Jonathan Maze: Right, right.
Mark Rossi: And then [Hurricane] Ida took its toll on some of the southern ports. So I think all of that stuff cooks up into this perfect storm, so to speak and that’s where we get to now.
Jonathan Maze: Right, so when I was in, I was in Los Angeles about a month ago and we pop by the Long Beach port – so you’re saying that all of those dang container ships that I saw, that was unusual? Because there were a million of them. I mean it was like, wow, look at all the container ships.
Mark Rossi: Yeah, it’s unusual for them to be out, that many of them out, just kind of floating around in in the ocean. Typically you don’t them. You might see them going to port, but you don’t see that many of them anchored at one time and you certainly don’t see them inside of Catalina. So Catalina is twenty-six miles offshore and you know when you see ships you can read the side of those container ships inside Catalina, you’re like “what what’s going on here?” and that’s just kind of persisted and continued. It’s not normal.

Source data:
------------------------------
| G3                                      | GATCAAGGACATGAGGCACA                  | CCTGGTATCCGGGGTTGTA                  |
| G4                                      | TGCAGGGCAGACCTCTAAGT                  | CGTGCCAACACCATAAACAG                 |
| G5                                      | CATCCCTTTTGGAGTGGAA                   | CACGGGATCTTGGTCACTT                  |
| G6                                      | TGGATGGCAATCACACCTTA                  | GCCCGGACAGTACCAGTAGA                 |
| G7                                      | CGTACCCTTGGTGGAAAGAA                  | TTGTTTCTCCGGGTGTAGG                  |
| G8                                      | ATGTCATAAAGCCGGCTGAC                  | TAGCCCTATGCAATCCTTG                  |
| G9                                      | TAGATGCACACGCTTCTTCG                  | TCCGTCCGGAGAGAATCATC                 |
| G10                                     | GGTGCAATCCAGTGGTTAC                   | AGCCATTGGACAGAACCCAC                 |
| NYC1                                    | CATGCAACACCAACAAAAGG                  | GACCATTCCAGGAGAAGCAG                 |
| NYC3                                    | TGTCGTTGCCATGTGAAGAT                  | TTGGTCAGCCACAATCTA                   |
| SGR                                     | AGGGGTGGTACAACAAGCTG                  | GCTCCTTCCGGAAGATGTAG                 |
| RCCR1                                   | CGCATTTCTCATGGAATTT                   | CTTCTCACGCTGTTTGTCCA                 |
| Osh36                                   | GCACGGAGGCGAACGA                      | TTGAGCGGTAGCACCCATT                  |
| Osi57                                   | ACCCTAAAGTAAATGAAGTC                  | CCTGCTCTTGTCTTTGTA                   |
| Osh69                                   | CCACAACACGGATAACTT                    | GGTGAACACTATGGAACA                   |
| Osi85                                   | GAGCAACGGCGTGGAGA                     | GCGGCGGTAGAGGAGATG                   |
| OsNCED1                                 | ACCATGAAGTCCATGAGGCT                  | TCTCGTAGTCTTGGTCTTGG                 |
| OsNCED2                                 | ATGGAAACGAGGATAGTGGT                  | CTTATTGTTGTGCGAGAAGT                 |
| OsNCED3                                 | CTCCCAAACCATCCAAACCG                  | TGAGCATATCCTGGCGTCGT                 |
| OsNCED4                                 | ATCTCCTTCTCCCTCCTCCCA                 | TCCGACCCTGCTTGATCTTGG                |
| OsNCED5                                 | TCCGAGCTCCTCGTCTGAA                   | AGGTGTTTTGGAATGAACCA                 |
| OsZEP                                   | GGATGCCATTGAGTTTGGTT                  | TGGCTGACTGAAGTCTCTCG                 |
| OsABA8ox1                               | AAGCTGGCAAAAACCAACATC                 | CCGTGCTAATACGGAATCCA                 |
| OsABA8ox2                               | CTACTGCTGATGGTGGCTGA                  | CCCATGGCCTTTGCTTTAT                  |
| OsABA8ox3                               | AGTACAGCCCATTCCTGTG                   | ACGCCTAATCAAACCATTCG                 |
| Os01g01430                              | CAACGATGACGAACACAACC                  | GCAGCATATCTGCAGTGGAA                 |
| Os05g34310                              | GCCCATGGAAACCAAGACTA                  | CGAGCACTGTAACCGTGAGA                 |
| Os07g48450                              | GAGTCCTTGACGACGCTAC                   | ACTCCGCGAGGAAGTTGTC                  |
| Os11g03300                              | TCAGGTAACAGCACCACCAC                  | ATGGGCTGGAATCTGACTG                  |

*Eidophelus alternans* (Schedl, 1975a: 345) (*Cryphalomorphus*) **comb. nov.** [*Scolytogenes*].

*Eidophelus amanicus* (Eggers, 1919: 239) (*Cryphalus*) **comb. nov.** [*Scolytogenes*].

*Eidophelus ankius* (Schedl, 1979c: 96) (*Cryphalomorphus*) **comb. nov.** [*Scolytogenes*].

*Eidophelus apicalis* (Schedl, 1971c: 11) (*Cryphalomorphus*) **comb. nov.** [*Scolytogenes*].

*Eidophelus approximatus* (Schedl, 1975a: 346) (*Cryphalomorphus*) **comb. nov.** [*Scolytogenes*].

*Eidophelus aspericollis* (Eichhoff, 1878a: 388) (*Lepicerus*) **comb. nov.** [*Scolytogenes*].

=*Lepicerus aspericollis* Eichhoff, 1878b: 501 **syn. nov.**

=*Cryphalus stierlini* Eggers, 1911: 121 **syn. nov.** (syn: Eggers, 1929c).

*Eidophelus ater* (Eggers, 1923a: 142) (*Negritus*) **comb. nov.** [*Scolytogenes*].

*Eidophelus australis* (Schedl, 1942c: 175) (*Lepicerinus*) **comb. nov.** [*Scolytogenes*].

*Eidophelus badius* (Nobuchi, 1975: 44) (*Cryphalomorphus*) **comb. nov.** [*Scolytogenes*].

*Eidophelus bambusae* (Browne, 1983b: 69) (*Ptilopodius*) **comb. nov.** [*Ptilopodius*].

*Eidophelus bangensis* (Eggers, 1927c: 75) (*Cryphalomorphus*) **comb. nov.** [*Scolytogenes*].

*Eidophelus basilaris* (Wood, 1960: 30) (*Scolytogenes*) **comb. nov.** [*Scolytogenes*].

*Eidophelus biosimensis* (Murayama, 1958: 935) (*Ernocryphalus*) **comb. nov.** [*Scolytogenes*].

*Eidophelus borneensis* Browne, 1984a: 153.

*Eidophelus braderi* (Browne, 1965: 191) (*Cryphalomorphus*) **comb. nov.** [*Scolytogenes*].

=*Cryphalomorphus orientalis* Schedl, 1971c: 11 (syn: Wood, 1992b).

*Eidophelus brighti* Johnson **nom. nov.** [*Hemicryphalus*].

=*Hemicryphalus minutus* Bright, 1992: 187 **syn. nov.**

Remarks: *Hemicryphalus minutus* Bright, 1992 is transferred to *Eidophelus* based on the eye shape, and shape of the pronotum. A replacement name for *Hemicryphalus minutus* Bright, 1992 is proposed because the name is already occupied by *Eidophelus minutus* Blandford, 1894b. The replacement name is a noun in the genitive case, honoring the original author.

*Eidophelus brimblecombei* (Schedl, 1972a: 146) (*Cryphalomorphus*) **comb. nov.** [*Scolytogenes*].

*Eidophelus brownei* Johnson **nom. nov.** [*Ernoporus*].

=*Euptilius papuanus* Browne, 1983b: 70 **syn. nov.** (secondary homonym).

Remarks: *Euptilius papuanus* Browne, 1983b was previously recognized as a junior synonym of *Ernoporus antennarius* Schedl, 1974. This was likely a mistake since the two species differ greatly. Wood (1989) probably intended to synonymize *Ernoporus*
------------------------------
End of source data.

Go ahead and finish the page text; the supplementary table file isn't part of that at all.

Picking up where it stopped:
Jonathan Maze: Right. Do we have any sense, I get a million questions about this, but like do we have any sense as to how long this is gonna take? Because I mean we are how many months now into a recovery, supposedly people are allegedly back to work, but like how long is this going to be continuing to be a problem? I mean it’s, you know, September now.